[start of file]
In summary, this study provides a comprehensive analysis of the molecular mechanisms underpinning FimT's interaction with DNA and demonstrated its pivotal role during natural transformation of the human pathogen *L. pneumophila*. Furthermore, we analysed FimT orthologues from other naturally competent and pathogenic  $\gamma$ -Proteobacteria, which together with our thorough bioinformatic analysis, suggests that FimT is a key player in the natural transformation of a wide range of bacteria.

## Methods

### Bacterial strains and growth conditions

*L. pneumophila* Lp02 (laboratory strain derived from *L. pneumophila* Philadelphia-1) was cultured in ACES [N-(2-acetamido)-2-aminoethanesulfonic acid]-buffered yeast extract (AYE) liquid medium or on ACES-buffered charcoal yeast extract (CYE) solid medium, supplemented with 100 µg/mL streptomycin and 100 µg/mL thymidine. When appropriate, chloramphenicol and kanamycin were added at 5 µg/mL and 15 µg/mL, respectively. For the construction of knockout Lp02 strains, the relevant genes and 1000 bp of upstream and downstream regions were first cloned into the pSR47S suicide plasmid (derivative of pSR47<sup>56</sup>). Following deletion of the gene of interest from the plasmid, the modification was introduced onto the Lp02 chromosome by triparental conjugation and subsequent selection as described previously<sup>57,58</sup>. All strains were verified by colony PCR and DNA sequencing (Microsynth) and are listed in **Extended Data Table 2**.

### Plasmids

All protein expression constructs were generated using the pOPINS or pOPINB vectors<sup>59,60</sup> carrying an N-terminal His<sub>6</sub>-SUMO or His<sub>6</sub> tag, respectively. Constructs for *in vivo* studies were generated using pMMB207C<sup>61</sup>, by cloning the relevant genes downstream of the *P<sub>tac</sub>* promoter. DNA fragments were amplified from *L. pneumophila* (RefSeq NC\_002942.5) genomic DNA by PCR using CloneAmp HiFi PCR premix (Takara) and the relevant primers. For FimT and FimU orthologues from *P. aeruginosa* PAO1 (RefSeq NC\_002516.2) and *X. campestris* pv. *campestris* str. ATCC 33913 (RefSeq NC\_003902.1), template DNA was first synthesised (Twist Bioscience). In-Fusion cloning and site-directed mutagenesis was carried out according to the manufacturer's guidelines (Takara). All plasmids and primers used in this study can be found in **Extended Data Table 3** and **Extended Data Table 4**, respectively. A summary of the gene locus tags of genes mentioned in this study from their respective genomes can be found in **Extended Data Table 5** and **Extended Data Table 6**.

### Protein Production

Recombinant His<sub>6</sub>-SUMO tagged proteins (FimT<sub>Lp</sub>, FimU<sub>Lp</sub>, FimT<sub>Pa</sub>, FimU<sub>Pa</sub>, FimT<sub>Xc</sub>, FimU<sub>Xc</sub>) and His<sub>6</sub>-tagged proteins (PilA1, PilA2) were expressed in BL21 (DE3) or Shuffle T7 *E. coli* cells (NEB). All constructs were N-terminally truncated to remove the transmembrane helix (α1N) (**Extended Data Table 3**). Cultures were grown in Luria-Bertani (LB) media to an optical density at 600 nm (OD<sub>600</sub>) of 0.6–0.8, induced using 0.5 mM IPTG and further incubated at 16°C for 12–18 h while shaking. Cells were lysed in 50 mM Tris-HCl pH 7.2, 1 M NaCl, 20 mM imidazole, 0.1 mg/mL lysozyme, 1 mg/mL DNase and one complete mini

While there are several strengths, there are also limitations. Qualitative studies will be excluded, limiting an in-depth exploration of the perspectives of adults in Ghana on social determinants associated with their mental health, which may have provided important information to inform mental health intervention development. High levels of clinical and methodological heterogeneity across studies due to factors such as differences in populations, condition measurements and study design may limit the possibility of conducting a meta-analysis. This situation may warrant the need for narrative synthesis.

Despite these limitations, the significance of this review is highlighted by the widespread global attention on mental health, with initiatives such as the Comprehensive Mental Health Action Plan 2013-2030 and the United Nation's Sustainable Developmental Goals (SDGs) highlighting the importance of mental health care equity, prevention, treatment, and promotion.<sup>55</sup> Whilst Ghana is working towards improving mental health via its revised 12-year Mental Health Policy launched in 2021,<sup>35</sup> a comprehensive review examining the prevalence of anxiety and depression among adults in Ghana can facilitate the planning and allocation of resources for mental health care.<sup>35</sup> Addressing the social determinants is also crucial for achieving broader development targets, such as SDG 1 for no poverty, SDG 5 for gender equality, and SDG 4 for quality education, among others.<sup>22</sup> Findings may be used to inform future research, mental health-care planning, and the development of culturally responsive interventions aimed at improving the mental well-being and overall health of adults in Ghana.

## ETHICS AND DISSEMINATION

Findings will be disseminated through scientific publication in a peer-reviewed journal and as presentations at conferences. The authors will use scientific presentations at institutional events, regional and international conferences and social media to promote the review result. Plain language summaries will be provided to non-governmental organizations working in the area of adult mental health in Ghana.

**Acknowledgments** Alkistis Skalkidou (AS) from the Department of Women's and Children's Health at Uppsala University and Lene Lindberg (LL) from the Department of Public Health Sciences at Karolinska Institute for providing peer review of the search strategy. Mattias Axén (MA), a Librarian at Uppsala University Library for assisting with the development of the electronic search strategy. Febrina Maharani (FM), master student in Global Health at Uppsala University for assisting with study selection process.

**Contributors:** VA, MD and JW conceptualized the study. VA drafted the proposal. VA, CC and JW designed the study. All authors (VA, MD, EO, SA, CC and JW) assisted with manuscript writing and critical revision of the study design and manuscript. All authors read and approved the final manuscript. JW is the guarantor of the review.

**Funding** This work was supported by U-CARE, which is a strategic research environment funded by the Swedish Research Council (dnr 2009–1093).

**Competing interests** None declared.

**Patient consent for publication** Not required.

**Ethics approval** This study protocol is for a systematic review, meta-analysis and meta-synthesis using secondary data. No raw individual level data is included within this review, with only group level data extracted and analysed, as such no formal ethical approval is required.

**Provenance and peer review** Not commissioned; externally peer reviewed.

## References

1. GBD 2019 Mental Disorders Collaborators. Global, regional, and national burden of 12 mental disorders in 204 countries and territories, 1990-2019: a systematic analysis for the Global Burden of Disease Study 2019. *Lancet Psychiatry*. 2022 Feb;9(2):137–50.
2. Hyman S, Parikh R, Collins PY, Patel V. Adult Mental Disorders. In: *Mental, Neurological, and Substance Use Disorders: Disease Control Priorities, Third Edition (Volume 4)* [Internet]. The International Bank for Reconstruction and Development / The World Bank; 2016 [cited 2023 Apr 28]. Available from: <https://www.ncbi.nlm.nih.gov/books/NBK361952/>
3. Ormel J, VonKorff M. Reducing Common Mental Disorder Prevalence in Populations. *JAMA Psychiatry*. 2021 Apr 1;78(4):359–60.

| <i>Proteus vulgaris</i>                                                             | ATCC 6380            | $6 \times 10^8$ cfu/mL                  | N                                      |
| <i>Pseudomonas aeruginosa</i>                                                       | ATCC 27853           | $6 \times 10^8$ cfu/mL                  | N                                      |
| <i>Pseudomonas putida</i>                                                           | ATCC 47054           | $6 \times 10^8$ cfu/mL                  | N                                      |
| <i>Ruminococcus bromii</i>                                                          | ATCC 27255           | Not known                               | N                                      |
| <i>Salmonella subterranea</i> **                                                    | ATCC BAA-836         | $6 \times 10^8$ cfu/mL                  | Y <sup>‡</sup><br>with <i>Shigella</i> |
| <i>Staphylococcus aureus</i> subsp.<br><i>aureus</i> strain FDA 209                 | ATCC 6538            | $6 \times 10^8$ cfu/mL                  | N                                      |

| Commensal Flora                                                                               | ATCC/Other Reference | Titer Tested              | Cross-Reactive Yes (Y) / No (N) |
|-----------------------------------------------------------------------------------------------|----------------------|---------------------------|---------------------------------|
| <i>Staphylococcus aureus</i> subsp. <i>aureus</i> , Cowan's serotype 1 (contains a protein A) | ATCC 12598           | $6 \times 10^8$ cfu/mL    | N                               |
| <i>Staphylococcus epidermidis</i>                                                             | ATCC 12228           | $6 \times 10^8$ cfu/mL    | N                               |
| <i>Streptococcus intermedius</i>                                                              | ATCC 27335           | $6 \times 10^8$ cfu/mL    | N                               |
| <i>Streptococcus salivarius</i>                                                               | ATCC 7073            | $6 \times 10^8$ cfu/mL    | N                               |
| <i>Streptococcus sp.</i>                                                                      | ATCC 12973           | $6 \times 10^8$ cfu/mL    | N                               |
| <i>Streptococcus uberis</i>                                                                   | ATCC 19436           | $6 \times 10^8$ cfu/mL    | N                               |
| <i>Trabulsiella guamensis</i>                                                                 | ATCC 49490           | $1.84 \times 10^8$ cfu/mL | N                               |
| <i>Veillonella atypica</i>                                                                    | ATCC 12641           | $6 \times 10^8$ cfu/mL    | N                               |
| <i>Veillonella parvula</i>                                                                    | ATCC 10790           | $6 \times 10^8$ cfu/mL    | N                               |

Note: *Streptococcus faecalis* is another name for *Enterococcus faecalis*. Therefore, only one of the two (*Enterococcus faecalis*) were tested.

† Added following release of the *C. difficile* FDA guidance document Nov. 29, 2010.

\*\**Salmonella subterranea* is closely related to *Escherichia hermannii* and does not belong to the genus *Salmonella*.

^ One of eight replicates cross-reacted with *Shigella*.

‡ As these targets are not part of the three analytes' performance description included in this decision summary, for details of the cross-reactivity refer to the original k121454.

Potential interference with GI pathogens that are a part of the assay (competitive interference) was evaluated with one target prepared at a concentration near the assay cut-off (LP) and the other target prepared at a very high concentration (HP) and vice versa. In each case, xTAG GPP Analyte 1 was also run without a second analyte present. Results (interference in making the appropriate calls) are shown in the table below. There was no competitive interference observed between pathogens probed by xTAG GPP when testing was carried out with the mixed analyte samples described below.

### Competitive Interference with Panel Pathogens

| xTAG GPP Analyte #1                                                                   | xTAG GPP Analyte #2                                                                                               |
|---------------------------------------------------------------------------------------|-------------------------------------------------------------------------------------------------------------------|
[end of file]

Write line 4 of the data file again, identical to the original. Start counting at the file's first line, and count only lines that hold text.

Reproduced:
*L. pneumophila* Lp02 (laboratory strain derived from *L. pneumophila* Philadelphia-1) was cultured in ACES [N-(2-acetamido)-2-aminoethanesulfonic acid]-buffered yeast extract (AYE) liquid medium or on ACES-buffered charcoal yeast extract (CYE) solid medium, supplemented with 100 µg/mL streptomycin and 100 µg/mL thymidine. When appropriate, chloramphenicol and kanamycin were added at 5 µg/mL and 15 µg/mL, respectively. For the construction of knockout Lp02 strains, the relevant genes and 1000 bp of upstream and downstream regions were first cloned into the pSR47S suicide plasmid (derivative of pSR47<sup>56</sup>). Following deletion of the gene of interest from the plasmid, the modification was introduced onto the Lp02 chromosome by triparental conjugation and subsequent selection as described previously<sup>57,58</sup>. All strains were verified by colony PCR and DNA sequencing (Microsynth) and are listed in **Extended Data Table 2**.